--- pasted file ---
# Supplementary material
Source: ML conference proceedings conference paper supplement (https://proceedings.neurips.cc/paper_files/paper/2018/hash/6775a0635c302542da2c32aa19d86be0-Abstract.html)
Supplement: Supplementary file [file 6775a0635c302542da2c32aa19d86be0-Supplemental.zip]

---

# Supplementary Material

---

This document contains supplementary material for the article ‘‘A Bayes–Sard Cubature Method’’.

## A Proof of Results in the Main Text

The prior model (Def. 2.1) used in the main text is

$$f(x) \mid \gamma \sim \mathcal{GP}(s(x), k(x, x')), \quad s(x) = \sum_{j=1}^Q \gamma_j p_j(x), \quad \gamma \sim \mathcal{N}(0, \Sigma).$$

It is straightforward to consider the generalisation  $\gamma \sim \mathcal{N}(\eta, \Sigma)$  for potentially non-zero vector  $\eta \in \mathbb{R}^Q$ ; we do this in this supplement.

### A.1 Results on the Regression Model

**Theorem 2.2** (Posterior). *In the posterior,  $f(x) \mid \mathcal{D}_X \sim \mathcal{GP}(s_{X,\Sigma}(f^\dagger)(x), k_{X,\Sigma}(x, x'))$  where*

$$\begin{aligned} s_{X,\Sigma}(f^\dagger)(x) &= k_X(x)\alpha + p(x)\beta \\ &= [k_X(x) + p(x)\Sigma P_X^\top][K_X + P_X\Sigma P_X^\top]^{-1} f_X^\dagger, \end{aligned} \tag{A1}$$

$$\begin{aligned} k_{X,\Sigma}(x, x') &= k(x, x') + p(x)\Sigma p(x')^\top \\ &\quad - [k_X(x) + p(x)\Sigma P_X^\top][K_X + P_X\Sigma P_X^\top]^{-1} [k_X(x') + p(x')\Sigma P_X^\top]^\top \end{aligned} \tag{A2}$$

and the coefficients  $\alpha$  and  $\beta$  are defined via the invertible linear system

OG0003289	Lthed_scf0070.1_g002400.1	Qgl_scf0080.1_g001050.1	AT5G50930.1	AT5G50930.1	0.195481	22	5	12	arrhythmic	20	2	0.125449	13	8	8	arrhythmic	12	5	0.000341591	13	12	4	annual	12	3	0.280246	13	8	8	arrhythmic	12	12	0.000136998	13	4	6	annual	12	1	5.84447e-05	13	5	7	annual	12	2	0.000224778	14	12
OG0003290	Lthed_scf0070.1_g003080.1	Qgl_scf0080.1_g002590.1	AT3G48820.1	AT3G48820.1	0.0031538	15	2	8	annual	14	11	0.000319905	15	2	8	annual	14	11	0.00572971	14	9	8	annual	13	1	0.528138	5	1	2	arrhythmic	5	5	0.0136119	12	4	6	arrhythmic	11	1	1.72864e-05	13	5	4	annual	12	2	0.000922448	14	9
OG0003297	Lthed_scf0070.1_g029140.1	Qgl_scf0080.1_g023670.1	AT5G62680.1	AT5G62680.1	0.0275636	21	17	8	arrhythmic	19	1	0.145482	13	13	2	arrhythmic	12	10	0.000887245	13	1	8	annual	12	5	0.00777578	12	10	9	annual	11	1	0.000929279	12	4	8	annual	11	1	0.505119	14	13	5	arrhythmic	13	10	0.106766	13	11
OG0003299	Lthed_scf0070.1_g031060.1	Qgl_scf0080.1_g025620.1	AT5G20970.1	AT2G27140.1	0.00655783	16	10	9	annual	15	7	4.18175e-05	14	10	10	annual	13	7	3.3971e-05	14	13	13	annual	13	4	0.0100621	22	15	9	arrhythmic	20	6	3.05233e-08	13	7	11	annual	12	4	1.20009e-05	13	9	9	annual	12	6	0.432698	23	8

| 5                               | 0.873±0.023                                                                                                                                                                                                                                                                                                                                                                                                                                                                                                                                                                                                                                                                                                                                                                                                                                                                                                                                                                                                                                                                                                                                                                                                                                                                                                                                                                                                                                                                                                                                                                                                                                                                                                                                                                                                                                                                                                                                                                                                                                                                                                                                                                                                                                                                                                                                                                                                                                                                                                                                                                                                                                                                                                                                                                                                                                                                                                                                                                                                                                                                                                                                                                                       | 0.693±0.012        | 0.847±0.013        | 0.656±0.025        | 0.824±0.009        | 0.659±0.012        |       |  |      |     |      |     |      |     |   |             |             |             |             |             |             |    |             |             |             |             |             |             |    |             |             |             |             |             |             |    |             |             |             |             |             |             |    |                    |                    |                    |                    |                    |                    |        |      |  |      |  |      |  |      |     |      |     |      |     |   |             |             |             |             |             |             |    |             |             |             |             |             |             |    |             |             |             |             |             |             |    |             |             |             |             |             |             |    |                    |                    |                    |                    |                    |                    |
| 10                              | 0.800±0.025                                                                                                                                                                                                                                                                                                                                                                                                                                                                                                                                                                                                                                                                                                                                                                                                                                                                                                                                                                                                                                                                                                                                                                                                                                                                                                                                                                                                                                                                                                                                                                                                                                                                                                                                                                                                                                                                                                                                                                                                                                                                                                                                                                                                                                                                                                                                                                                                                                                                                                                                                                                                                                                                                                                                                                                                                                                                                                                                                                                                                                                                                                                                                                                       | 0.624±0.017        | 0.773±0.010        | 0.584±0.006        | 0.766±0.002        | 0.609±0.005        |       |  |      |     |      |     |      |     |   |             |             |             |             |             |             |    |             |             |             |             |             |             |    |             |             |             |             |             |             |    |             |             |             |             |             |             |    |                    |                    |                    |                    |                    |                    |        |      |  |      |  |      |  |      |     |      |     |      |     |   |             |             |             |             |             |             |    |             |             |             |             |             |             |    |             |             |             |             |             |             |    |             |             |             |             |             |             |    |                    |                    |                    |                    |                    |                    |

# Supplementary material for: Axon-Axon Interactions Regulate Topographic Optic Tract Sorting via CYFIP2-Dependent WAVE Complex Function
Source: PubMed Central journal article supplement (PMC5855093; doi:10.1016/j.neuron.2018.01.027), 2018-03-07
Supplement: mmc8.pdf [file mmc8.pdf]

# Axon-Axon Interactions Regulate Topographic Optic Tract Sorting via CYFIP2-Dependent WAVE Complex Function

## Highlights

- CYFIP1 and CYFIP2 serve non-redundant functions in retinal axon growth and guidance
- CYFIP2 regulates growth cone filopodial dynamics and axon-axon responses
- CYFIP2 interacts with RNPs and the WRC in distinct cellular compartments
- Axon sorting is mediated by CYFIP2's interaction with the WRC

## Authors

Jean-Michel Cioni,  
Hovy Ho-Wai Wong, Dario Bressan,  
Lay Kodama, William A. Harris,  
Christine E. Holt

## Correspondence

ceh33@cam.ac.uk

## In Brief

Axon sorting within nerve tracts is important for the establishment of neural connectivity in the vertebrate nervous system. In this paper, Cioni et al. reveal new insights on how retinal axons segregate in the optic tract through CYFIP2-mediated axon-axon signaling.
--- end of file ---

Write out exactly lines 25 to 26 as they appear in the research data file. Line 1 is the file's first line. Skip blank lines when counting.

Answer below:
Supplement: mmc8.pdf [file mmc8.pdf]

# Axon-Axon Interactions Regulate Topographic Optic Tract Sorting via CYFIP2-Dependent WAVE Complex Function